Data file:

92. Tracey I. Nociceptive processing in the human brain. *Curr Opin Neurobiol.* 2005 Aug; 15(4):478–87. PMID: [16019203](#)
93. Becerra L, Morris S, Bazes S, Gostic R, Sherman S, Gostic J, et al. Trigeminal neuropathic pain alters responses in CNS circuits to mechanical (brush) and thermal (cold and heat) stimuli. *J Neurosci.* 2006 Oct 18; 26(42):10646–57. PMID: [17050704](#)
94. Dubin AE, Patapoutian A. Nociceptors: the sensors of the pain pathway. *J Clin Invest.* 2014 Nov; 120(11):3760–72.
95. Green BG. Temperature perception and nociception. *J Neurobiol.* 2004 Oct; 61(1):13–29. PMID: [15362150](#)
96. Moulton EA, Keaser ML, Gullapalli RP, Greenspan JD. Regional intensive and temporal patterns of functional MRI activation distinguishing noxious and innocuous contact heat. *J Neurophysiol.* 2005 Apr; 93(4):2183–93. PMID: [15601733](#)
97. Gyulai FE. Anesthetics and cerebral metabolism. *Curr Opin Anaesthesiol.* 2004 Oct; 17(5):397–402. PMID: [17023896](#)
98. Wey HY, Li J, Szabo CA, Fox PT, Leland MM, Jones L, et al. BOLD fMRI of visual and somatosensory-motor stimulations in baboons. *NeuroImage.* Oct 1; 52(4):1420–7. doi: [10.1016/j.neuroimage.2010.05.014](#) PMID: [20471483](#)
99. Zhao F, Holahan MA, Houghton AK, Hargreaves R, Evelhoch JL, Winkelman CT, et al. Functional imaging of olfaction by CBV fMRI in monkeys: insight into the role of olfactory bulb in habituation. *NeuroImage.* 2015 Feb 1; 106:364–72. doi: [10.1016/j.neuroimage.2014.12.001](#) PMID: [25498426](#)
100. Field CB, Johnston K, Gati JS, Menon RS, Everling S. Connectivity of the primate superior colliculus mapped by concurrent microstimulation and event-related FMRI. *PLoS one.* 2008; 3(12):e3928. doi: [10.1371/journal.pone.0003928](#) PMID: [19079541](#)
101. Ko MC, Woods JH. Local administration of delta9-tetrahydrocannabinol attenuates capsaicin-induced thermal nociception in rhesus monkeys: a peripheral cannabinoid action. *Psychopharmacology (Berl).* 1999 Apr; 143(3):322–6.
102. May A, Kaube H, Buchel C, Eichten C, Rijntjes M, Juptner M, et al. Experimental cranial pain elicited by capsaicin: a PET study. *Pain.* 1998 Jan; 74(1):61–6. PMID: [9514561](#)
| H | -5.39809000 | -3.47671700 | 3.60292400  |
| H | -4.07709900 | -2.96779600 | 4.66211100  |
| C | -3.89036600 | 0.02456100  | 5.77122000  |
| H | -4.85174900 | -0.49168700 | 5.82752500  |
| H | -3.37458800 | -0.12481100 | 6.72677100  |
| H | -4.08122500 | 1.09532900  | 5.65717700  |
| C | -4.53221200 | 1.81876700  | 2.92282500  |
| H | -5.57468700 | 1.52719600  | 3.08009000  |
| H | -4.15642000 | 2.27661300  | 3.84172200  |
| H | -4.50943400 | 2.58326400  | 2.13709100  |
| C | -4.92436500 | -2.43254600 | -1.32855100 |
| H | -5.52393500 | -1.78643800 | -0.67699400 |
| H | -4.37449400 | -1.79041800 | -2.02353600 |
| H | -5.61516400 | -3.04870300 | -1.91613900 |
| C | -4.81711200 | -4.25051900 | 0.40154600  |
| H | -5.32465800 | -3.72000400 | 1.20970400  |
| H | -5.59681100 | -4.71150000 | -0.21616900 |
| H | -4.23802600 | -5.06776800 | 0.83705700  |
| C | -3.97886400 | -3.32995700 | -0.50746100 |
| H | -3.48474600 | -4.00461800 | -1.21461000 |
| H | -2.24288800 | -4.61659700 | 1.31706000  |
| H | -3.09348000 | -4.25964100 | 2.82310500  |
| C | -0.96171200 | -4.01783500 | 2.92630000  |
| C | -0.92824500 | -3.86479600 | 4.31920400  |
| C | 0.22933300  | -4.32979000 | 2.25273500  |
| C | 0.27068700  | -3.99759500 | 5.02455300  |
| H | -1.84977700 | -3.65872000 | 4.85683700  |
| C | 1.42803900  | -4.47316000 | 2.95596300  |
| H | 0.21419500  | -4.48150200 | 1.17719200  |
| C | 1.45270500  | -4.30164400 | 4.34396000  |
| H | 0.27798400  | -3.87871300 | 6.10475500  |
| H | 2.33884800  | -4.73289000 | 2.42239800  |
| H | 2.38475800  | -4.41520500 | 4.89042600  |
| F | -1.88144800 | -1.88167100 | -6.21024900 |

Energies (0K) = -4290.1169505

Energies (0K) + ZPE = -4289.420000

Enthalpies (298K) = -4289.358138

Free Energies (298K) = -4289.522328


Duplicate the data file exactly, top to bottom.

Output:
92. Tracey I. Nociceptive processing in the human brain. *Curr Opin Neurobiol.* 2005 Aug; 15(4):478–87. PMID: [16019203](#)
93. Becerra L, Morris S, Bazes S, Gostic R, Sherman S, Gostic J, et al. Trigeminal neuropathic pain alters responses in CNS circuits to mechanical (brush) and thermal (cold and heat) stimuli. *J Neurosci.* 2006 Oct 18; 26(42):10646–57. PMID: [17050704](#)
94. Dubin AE, Patapoutian A. Nociceptors: the sensors of the pain pathway. *J Clin Invest.* 2014 Nov; 120(11):3760–72.
95. Green BG. Temperature perception and nociception. *J Neurobiol.* 2004 Oct; 61(1):13–29. PMID: [15362150](#)
96. Moulton EA, Keaser ML, Gullapalli RP, Greenspan JD. Regional intensive and temporal patterns of functional MRI activation distinguishing noxious and innocuous contact heat. *J Neurophysiol.* 2005 Apr; 93(4):2183–93. PMID: [15601733](#)
97. Gyulai FE. Anesthetics and cerebral metabolism. *Curr Opin Anaesthesiol.* 2004 Oct; 17(5):397–402. PMID: [17023896](#)
98. Wey HY, Li J, Szabo CA, Fox PT, Leland MM, Jones L, et al. BOLD fMRI of visual and somatosensory-motor stimulations in baboons. *NeuroImage.* Oct 1; 52(4):1420–7. doi: [10.1016/j.neuroimage.2010.05.014](#) PMID: [20471483](#)
99. Zhao F, Holahan MA, Houghton AK, Hargreaves R, Evelhoch JL, Winkelman CT, et al. Functional imaging of olfaction by CBV fMRI in monkeys: insight into the role of olfactory bulb in habituation. *NeuroImage.* 2015 Feb 1; 106:364–72. doi: [10.1016/j.neuroimage.2014.12.001](#) PMID: [25498426](#)
100. Field CB, Johnston K, Gati JS, Menon RS, Everling S. Connectivity of the primate superior colliculus mapped by concurrent microstimulation and event-related FMRI. *PLoS one.* 2008; 3(12):e3928. doi: [10.1371/journal.pone.0003928](#) PMID: [19079541](#)
101. Ko MC, Woods JH. Local administration of delta9-tetrahydrocannabinol attenuates capsaicin-induced thermal nociception in rhesus monkeys: a peripheral cannabinoid action. *Psychopharmacology (Berl).* 1999 Apr; 143(3):322–6.
102. May A, Kaube H, Buchel C, Eichten C, Rijntjes M, Juptner M, et al. Experimental cranial pain elicited by capsaicin: a PET study. *Pain.* 1998 Jan; 74(1):61–6. PMID: [9514561](#)
| H | -5.39809000 | -3.47671700 | 3.60292400  |
| H | -4.07709900 | -2.96779600 | 4.66211100  |
| C | -3.89036600 | 0.02456100  | 5.77122000  |
| H | -4.85174900 | -0.49168700 | 5.82752500  |
| H | -3.37458800 | -0.12481100 | 6.72677100  |
| H | -4.08122500 | 1.09532900  | 5.65717700  |
| C | -4.53221200 | 1.81876700  | 2.92282500  |
| H | -5.57468700 | 1.52719600  | 3.08009000  |
| H | -4.15642000 | 2.27661300  | 3.84172200  |
| H | -4.50943400 | 2.58326400  | 2.13709100  |
| C | -4.92436500 | -2.43254600 | -1.32855100 |
| H | -5.52393500 | -1.78643800 | -0.67699400 |
| H | -4.37449400 | -1.79041800 | -2.02353600 |
| H | -5.61516400 | -3.04870300 | -1.91613900 |
| C | -4.81711200 | -4.25051900 | 0.40154600  |
| H | -5.32465800 | -3.72000400 | 1.20970400  |
| H | -5.59681100 | -4.71150000 | -0.21616900 |
| H | -4.23802600 | -5.06776800 | 0.83705700  |
| C | -3.97886400 | -3.32995700 | -0.50746100 |
| H | -3.48474600 | -4.00461800 | -1.21461000 |
| H | -2.24288800 | -4.61659700 | 1.31706000  |
| H | -3.09348000 | -4.25964100 | 2.82310500  |
| C | -0.96171200 | -4.01783500 | 2.92630000  |
| C | -0.92824500 | -3.86479600 | 4.31920400  |
| C | 0.22933300  | -4.32979000 | 2.25273500  |
| C | 0.27068700  | -3.99759500 | 5.02455300  |
| H | -1.84977700 | -3.65872000 | 4.85683700  |
| C | 1.42803900  | -4.47316000 | 2.95596300  |
| H | 0.21419500  | -4.48150200 | 1.17719200  |
| C | 1.45270500  | -4.30164400 | 4.34396000  |
| H | 0.27798400  | -3.87871300 | 6.10475500  |
| H | 2.33884800  | -4.73289000 | 2.42239800  |
| H | 2.38475800  | -4.41520500 | 4.89042600  |
| F | -1.88144800 | -1.88167100 | -6.21024900 |

Energies (0K) = -4290.1169505

Energies (0K) + ZPE = -4289.420000

Enthalpies (298K) = -4289.358138

Free Energies (298K) = -4289.522328